The Wandering Witch Studies Classroom of the Elite

Posted on Aug 13 2017


Welcome, all, again. This viewing season just seems to keep getting better, with many shows that are becoming more and more interesting as things progress; Classroom of the Elite is a good example of this tendency. High school students confined to a completely self-contained campus and living off of an institutional point system, the nuances of which they are not advised of except as they transgress. . .this story explores in microcosm the twin processes of an individual’s affect in shaping his/her society even while being shaped by that society. In this cloistered setting, it almost comes off as an experiment in social Darwinism.


Classroom of the Elite focuses primarily upon Kiyotaka Ayanokoji, a first year student at the government-sponsored Tokyo Metropolitan Advanced Nurturing School. And while this high school has been established to train the most promising of Japan’s young people in leading the country forward, Ayanokoji finds himself placed in class D, which is the dumping ground for reprobates and those thought least likely to succeed. This is hardly bothersome to him, since he prefers to draw little attention to himself, but it does seem to either anger or discourage a good many of his classmates–especially Suzune Horikita. Horikita is actually the younger sister of the school’s student body president, and both are extremely shamed by her low placement. Like Ayanokoji, Horikita is a loner, although she is so because she doesn’t want friends, whereas he seems unable to make friends. (They share a regrettable tendency to be more honest than is thought polite.) Thrust together by circumstance and common interests, they form a stand-offish relationship that flirts with but never quite embraces friendship. And then there’s Kushida.


Kushida rounds out our trio of lead characters, and what a character! She is that classmate, the one with the perpetual smile and sunny personality, the one whom everyone just automatically seems to love. You know, the one we all secretly couldn’t stand. So cheerful and so involved. That classmate. And like some spiteful housecat, she’s zeroed-in on the two who least want her company: Ayanokoji and Horikita. It’s not that Ayanokoji really cares one way or another about Kushida as an individual; it’s that her presence draws attention, and lots of it. Horikita, meanwhile, simply hates her. But Kushida refuses to take the hint, and keeps forcing herself upon the other two. It is, superficially at least, the same basic group dynamics as we found amongst the three leads of My Teen Romantic Comedy SNAFU–minus the comedy but with extra infusions of animosity. [For an old misanthrope like me, this is rather cathartic!] Mind you, Kushida spends most of her time happily wallowing in the adulation of her devotees. She just makes it a point to (perniciously?) attach herself to anything involving Ayanokoji and Horikita. But if there’s one thing that she enjoys doing even more, it’s finding some way to deprive Horikita of her only true confederate, whether by fair means or foul.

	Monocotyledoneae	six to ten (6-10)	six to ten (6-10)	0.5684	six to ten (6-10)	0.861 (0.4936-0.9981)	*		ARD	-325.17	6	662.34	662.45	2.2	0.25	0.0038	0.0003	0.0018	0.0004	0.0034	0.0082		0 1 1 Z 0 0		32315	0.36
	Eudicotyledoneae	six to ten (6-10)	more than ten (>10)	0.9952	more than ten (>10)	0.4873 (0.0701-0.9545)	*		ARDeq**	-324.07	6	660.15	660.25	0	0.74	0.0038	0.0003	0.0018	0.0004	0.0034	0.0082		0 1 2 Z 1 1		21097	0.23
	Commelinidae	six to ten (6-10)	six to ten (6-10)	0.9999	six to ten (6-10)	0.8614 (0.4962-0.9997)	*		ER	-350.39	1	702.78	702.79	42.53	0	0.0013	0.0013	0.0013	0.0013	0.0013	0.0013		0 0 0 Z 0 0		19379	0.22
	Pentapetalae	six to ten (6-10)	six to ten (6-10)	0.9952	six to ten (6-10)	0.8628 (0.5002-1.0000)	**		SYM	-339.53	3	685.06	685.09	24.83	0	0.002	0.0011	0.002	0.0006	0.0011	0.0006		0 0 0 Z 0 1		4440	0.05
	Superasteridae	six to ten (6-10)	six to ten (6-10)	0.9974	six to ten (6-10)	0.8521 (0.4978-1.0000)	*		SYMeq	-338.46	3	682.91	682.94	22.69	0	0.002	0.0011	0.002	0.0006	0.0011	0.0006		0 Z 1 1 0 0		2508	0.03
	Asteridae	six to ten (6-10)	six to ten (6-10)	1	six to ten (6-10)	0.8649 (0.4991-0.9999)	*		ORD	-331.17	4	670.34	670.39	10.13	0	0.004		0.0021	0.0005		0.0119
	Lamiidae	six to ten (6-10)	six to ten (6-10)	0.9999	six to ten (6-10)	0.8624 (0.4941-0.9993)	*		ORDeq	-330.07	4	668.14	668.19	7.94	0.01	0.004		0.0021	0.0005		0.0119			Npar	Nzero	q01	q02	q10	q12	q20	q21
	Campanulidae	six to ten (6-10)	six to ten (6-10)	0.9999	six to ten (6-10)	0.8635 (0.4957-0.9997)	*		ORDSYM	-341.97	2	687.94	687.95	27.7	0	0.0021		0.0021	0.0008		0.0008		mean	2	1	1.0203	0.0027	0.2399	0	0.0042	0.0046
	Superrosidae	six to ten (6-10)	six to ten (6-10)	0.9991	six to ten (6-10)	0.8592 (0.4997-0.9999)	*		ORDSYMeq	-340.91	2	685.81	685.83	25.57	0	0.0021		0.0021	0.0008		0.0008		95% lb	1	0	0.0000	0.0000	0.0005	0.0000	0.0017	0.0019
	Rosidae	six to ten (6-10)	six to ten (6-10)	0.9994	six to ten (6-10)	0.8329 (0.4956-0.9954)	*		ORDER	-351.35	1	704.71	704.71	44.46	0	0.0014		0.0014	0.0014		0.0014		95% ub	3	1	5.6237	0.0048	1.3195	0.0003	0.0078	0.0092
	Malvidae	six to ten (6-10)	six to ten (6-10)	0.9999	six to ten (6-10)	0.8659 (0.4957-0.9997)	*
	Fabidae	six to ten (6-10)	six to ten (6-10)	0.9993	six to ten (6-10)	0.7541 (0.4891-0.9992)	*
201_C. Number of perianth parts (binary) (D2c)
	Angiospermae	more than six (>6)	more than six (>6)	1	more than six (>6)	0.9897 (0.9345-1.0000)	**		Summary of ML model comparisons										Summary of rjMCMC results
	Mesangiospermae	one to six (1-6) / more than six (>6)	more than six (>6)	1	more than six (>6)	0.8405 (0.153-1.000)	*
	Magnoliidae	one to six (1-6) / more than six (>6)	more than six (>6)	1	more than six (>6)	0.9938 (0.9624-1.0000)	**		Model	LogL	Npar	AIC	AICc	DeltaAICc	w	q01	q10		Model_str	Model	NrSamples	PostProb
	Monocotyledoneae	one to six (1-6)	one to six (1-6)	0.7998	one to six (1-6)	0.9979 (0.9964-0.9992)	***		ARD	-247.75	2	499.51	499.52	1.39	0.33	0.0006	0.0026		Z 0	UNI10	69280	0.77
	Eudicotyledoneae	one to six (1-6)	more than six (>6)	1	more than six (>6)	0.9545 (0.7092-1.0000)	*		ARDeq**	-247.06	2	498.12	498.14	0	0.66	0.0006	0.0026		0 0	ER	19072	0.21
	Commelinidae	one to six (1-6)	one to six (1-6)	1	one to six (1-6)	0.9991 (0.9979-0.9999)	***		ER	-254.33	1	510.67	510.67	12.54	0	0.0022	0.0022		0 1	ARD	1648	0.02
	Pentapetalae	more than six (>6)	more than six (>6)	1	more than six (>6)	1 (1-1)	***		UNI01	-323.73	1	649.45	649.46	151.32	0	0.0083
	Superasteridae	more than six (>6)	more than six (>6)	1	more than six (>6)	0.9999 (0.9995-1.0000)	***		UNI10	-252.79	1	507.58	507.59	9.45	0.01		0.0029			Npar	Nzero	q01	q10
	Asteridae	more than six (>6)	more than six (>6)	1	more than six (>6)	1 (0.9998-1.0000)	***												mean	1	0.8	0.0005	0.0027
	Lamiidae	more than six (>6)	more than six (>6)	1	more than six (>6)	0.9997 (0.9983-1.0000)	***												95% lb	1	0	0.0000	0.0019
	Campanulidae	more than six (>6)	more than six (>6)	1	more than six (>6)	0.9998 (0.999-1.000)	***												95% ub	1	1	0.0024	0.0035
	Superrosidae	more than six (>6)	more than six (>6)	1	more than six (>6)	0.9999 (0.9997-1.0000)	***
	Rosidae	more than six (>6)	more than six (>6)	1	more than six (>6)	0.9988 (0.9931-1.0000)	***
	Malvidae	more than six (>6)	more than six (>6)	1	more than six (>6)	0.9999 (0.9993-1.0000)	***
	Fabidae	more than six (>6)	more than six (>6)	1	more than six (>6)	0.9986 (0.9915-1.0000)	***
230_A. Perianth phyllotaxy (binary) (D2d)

And means seem to be mostly foul when it comes to class D. Segregated from the larger world, all students at this special school rely upon school-issued points as a form of internal currency with which to meet their personal needs. But points are issued by specific class, then evenly distributed to individual students, meaning that the rejects of class D are automatically anticipated to earn the fewest points of all first year students. This is a pronounced handicap, especially considering that the full mechanics of the point system have never been explained to the class. It is only when some violation has occurred that it is acknowledged and discussed by school officials, and even then the students are left to their own devices to logically deduce the full pattern and ramifications of the particular violation. (“Tough Love” goes academic!) Meanwhile, a number of class D students are busy living down to the school’s low expectations of them, thus hastening an introduction to various offenses and also threatening their classmates’ point tallies. And don’t forget that the other classes–A, B, and C–have a vested interest in making sure that class D struggles.


Classroom of the Elite is brilliant entertainment, but also much more! This series is at the same time a keen psychological study of what motivates people, both individually and en mass, and an indictment of various economic/political philosophies, pointing out weaknesses within capitalism, socialism, and even meritocracy. Each of these systems is based upon preconceived ideals and idealizations of behavior, and each starts to fray the moment that real people are introduced into its pristine formulae. Classroom of the Elite is something of a modern morality play in a world which has jettisoned morals. And Ayanokoji–our Everyman–is quite aware of this. Interesting. So let’s see where this goes.

You Might Also Like...

  • You must be logged in to comment. Log in